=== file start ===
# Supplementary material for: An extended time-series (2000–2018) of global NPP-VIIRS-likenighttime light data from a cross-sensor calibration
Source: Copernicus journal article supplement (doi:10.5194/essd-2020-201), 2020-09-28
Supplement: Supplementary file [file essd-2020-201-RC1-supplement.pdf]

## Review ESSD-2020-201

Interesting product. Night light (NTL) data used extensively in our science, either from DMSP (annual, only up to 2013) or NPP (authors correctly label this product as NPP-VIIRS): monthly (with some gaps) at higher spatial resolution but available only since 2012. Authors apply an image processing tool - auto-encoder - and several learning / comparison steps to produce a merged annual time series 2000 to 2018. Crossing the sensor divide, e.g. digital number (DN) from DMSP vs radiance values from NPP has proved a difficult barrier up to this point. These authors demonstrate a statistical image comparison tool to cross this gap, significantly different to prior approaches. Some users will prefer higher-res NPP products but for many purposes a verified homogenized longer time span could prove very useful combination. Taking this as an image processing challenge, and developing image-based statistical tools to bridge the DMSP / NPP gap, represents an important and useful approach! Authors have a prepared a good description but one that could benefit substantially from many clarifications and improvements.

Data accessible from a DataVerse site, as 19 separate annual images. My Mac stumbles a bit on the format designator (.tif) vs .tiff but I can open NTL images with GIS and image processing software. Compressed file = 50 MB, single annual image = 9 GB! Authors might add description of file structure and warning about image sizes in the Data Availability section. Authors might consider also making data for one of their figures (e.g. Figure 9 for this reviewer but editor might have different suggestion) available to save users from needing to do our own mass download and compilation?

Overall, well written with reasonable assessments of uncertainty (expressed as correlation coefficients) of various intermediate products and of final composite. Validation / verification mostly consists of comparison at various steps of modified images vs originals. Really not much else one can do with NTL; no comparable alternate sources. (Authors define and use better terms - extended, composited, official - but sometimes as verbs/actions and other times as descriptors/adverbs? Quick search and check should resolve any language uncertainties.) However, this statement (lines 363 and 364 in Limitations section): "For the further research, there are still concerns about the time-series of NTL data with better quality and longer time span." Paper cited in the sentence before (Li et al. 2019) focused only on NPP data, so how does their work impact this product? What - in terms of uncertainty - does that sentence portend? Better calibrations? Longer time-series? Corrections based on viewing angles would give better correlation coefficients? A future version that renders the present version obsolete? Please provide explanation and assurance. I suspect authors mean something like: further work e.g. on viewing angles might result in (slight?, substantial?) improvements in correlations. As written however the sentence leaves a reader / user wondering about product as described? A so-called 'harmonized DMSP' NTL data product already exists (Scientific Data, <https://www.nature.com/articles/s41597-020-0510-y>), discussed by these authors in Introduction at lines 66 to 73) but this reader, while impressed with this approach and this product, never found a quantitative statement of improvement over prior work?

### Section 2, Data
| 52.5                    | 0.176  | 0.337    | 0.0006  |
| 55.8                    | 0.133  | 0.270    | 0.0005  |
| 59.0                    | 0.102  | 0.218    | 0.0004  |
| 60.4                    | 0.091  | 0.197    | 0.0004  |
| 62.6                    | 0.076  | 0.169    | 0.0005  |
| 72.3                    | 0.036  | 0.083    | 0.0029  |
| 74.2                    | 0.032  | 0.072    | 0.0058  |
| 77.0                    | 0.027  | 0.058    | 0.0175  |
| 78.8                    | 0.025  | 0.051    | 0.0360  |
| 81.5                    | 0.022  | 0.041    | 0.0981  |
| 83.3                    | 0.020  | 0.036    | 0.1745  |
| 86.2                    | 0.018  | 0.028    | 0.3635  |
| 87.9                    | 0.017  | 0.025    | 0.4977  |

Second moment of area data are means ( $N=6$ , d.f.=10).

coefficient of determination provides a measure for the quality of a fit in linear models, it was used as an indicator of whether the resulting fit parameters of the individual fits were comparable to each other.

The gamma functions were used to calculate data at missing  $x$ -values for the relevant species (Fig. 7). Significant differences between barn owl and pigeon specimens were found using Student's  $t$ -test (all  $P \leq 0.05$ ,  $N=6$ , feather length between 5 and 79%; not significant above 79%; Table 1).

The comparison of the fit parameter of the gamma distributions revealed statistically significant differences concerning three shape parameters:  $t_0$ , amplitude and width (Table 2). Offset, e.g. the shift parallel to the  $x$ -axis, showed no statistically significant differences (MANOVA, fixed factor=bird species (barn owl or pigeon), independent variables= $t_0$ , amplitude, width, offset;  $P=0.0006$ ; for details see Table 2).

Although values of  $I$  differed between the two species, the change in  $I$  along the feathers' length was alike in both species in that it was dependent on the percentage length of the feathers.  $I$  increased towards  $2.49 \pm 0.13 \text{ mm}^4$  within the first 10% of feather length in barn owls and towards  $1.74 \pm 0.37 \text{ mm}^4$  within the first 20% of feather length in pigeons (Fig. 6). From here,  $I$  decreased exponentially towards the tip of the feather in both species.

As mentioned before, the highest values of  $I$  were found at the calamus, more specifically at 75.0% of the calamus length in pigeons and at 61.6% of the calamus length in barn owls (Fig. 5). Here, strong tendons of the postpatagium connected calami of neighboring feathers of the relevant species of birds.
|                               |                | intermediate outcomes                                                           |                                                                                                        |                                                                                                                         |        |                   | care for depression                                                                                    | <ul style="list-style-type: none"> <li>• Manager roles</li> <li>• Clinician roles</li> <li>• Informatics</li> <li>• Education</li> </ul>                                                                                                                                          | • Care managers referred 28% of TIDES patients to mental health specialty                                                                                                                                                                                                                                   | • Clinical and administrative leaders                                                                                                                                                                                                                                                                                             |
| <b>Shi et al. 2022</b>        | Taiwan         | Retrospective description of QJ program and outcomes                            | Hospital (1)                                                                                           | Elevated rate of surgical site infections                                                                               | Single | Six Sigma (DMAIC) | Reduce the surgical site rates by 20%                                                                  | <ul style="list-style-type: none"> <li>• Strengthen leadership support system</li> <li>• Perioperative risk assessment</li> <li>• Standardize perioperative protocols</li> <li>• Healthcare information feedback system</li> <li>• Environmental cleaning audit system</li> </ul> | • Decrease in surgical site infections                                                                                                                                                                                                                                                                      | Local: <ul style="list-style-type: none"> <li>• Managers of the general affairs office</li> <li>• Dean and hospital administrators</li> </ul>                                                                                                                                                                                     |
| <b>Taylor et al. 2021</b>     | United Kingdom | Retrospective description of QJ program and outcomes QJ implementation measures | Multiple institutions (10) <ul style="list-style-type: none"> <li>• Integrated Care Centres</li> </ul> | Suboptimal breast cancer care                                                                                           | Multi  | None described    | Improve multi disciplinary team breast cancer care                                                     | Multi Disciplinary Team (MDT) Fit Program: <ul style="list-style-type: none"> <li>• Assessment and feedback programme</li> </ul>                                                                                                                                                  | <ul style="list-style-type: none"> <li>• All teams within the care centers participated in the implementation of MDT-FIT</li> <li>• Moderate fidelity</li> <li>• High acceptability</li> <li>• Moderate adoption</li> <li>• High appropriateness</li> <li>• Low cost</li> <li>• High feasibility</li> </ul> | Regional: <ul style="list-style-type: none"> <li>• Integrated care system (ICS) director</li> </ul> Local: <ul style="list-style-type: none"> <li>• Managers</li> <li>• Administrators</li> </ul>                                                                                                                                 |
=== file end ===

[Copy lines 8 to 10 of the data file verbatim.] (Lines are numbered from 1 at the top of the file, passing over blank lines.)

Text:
### Section 2, Data
| 52.5                    | 0.176  | 0.337    | 0.0006  |
| 55.8                    | 0.133  | 0.270    | 0.0005  |